The reason the company lost at the temporary injunction hearing is because both the non-compete and non-solicitation clauses in the agreement stated that the President could not compete with or solicit the agency’s clients “during the term of CMC Account Development Sub Agent Agreement, and for a period of two (2) years after the termination of the Agreement.”  However, the agency’s representative and the President both testified that he was never a sub agent (i.e. sales person) for the agency and that he did not have a CMC Account Development Sub Agent Agreement.  

Basically, the non-compete and non-solicitation restraints were tied to the length of a non-existent agreement between the agency and the President. In most likelihood, the language was left over from the standard contract form that the agency used for its sales representatives, and was included in the President’s agreement due to oversight.  As the result, the company was unable to stop the President from competing. 

TexasBarToday_TopTen_Badge_VectorGraphicTakeaway:  This case demonstrates why the  companies should conduct an audit of their non-compete and non-solicitation agreements at least once a year to make sure that (1) the agreements are enforceable, (2) they have a legible copy of the agreements signed by both parties, and (3) the agreements will adequately protect the company if they have to be enforced. 

Leiza litigates non-compete and trade secrets lawsuits on behalf of COMPANIES and EMPLOYEES in a variety of industries, and knows how such disputes typically play out for both parties. If you need assistance with a non-compete dispute, contact Leiza for a confidential consultation at LDolghih@GodwinLaw.com or (214) 939-4458.

DOL Overtime Rules Blocked Nationwide by a Federal Court in Texas

usdepartmentoflaborLast week, the United States District Court for the Eastern District of Texas issued a decision enjoining the Department of Labor (DOL) from enforcing its new overtime rules. State of Nevada et al. v. U.S. Department of Labor et al., case number 16-cv-00731.

The new overtime rules were set to go into effect on December 1, 2016, causing many companies to scramble to adjust their compensation systems in compliance with the new minimum salary threshold for administrative, executive, and professional exemptions, which was going to jump from $23,660 per year to $47,476 per year on December 1st. 

The court’s injunction requested in early October in two parallel cases filed by business organizations and 20 states, enjoins the Department of Labor from enforcing the new overtime rules.  

Takeaway:  In light of this injunction, businesses who are not in compliance with the DOL new overtime rules, are not going to be in trouble come December 1, 2016.  However, since this is a temporary injunction, employers are not 100% in the clear, as the court may still enforce the rules when the final hearing  in the cases takes place.  Thus, the injunction grants a temporary reprieve, but companies should continue to monitor the situation, which may last anywhere from several months to several years.  

Bottom line is that the injunction will remain in effect until a final resolution of the merits is reached or there is further order of the court, the Fifth Circuit, or the United States Supreme Court. 

Leiza is a business and employment litigation attorney in Dallas, Texas. If you need assistance with a business or employment dispute contact Leiza for a confidential consultation at LDolghih@GodwinLaw.com or (214) 939-4458.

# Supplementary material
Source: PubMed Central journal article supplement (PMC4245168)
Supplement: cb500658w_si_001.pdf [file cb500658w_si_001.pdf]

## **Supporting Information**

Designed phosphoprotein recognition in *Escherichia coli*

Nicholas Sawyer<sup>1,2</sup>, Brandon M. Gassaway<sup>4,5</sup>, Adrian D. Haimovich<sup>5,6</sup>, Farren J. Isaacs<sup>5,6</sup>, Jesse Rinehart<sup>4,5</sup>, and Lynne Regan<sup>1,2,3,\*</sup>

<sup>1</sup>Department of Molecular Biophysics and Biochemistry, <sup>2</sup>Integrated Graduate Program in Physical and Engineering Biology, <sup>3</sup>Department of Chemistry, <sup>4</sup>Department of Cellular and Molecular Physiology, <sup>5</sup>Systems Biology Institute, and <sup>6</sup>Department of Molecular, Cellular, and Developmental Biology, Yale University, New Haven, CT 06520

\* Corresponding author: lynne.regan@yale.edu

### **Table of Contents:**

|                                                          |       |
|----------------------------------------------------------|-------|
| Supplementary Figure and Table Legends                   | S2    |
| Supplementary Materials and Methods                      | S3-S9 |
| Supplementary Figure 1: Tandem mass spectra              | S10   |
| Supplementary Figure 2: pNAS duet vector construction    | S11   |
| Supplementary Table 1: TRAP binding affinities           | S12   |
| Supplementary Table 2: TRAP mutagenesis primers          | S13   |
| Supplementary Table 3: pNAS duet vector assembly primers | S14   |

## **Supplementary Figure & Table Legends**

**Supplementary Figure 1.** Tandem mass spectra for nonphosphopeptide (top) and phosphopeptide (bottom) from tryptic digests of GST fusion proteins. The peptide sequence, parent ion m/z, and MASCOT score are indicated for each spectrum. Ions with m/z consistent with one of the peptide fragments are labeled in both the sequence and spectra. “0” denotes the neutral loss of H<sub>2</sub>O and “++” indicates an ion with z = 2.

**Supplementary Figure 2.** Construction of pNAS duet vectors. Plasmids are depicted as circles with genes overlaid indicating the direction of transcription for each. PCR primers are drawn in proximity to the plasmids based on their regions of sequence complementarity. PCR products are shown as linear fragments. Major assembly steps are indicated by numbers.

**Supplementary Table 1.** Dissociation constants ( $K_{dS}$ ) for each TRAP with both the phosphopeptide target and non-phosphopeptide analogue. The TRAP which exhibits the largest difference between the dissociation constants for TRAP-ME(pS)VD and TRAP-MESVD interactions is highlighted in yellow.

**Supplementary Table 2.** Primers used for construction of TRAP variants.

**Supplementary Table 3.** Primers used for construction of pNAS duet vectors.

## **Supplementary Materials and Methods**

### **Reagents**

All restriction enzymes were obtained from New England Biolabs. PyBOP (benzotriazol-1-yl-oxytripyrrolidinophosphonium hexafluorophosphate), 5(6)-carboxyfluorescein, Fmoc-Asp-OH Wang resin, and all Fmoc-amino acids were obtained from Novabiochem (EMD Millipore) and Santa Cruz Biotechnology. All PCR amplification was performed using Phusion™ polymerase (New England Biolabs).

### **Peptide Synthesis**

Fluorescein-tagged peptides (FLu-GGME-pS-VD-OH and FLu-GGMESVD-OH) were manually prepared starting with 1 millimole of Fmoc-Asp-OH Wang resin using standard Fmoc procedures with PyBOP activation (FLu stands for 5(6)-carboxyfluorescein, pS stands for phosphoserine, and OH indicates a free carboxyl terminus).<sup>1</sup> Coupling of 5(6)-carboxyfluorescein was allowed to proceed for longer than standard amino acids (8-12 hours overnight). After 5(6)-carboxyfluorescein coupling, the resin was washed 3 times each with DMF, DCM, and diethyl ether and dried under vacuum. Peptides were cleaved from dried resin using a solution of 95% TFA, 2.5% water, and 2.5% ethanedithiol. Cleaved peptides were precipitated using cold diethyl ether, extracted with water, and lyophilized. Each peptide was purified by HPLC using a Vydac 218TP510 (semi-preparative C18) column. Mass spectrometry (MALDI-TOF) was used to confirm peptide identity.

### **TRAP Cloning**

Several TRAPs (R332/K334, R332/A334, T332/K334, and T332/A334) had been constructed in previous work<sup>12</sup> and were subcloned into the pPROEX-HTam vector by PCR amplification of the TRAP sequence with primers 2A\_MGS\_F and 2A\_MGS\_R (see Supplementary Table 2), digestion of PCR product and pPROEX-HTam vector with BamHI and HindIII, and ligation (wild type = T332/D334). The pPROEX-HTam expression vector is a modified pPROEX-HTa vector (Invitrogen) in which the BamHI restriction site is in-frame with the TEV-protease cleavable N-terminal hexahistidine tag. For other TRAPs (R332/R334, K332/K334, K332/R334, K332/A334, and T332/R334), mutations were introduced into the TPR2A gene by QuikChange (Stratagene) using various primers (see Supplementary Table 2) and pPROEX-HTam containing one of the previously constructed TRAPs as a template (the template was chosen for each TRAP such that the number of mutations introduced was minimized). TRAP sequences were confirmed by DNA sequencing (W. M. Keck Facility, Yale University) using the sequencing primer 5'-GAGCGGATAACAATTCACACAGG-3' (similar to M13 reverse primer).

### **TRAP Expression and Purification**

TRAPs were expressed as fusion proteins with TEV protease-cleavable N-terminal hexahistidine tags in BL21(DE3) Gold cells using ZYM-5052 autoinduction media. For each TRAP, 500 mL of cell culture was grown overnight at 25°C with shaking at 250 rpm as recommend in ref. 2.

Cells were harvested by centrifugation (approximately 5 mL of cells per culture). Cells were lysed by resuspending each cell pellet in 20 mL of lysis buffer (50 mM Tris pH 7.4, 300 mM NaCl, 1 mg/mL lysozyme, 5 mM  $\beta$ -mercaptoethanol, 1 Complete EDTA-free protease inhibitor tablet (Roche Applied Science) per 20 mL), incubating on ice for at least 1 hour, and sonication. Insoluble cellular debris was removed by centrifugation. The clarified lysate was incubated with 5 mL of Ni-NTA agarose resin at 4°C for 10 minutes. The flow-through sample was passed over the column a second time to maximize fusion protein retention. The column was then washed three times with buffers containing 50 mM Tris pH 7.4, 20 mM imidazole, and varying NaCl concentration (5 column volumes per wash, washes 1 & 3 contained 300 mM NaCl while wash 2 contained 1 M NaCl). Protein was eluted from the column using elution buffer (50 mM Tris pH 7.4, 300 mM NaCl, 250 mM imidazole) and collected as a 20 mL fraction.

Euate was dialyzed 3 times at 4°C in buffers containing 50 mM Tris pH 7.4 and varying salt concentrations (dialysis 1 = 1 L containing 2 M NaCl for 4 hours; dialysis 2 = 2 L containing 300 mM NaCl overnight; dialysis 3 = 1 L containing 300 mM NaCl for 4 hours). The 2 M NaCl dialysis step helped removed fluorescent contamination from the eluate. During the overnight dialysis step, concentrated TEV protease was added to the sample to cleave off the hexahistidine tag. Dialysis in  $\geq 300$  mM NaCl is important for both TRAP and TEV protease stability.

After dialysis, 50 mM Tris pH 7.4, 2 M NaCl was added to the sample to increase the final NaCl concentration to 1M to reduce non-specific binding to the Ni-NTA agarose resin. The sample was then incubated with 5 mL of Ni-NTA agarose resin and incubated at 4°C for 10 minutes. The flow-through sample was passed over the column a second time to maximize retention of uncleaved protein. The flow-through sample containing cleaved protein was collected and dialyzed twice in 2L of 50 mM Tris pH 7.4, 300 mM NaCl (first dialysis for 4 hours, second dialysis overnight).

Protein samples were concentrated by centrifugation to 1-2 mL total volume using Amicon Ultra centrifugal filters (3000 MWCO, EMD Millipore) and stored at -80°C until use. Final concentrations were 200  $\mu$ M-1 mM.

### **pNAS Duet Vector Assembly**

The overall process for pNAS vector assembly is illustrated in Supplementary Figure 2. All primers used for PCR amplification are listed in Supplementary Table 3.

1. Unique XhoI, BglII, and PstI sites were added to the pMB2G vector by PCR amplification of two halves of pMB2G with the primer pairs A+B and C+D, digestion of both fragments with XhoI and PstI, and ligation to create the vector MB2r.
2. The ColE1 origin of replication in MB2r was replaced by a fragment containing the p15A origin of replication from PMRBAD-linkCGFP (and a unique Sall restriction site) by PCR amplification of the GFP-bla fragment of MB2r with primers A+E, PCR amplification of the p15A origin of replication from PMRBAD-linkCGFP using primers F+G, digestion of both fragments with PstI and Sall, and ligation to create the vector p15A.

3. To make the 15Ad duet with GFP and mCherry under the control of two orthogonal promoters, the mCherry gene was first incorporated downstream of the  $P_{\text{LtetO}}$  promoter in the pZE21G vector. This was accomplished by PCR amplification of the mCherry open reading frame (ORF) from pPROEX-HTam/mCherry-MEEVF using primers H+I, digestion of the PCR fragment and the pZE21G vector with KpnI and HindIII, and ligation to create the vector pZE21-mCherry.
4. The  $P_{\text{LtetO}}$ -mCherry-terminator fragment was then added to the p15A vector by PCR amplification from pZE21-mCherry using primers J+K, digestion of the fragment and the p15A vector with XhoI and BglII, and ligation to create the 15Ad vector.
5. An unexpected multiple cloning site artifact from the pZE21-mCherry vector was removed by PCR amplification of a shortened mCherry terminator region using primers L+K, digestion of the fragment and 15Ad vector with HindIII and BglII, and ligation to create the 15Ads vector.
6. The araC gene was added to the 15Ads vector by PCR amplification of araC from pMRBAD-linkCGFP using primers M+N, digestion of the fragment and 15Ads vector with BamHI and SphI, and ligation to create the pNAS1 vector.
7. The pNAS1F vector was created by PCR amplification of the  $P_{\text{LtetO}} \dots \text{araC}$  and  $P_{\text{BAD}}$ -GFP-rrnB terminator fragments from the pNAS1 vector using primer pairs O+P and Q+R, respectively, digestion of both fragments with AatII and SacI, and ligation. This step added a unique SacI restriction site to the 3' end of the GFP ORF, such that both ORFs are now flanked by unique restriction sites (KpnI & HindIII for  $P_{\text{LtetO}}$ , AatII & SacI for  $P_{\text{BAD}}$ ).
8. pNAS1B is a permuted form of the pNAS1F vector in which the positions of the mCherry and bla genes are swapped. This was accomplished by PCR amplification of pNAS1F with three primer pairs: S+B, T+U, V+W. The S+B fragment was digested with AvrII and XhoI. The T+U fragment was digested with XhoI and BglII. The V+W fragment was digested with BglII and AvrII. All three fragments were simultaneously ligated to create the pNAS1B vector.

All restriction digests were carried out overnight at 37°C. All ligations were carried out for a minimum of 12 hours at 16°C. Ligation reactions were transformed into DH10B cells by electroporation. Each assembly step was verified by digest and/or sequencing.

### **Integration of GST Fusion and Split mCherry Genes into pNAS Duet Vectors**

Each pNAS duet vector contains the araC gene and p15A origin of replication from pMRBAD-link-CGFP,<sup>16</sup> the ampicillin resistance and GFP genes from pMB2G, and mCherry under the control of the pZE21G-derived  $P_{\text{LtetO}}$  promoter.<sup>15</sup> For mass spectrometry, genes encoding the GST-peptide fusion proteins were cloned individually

Why the Appointment of Jeff Sessions as the New Attorney General May Lead to More Trade Secrets Litigation

jeff-sessions-827pngOn Friday, President-elect Donald Trump named Alabama Sen. Jeff Sessions as his pick for the next Attorney General. Sessions is a former U.S. attorney and current senator with lengthy experience with the Justice Department. He is also known as a pro-business conservative, who on numerous occasions has expressed a favorable view of corporate indictments of executives marred in white-collar crimes. 

Sessions co-sponsored the Federal Defend Trade Secrets Act, which became the law this year. The statute allows civil lawsuits to prevent or redress theft of trade secrets in addition to already-existing criminal penalties under 18 U.S.C. § 1832.  His previous publicly expressed views suggest that he will not shy away from indicting big companies and individuals for white-collar crimes, which include theft of trade secrets.  

For example, in 2010, during a confirmation hearing for the U.S. deputy general, Sessions questioned the candidate about the “dangerous” philosophy of not charging companies criminally because of concerns regarding the effect of such charges on employees and shareholders and stated that he “was taught that if they violate a law, you charge them.” 

Trade secret theft indictments have been on the rise over the past several years, prompting an almost unanimous passage of the Federal Defend Trade Secrets Act in the beginning of this year. The uptick in criminal litigation has been accompanied by a blooming civil litigation of trade secrets theft on state and federal level as well.  

Given Sessions’ prior remarks regarding his preference for corporate indictments in lieu of settlements or payment of penalties, as well as his expressed support towards protection of trade secrets, we can expect a rise in corporate indictments arising out of theft of sensitive information (especially when it is shared with foreign companies or states). This will put the spotlight on the rise of trade secrets theft in the country, will garner more publicity for such acts, and will in turn educate the US companies and business owners as to legal remedies available to them in the civil court to remedy trade secret theft.  

In short, Sessions’ expected tough stance on corporate crime, including trade secrets theft and the accompanying publicity will likely result in an increase in civil litigation in that arena as well. 

Leiza litigates unfair competition, non-compete and trade secrets lawsuits on behalf of companies and employees, and has advised hundreds of clients regarding non-compete and trade secret issues. If you need assistance with a non-compete or a trade secret misappropriation situation, contact Leiza for a confidential consultation at LDolghih@GodwinLaw.com or (214) 939-4458.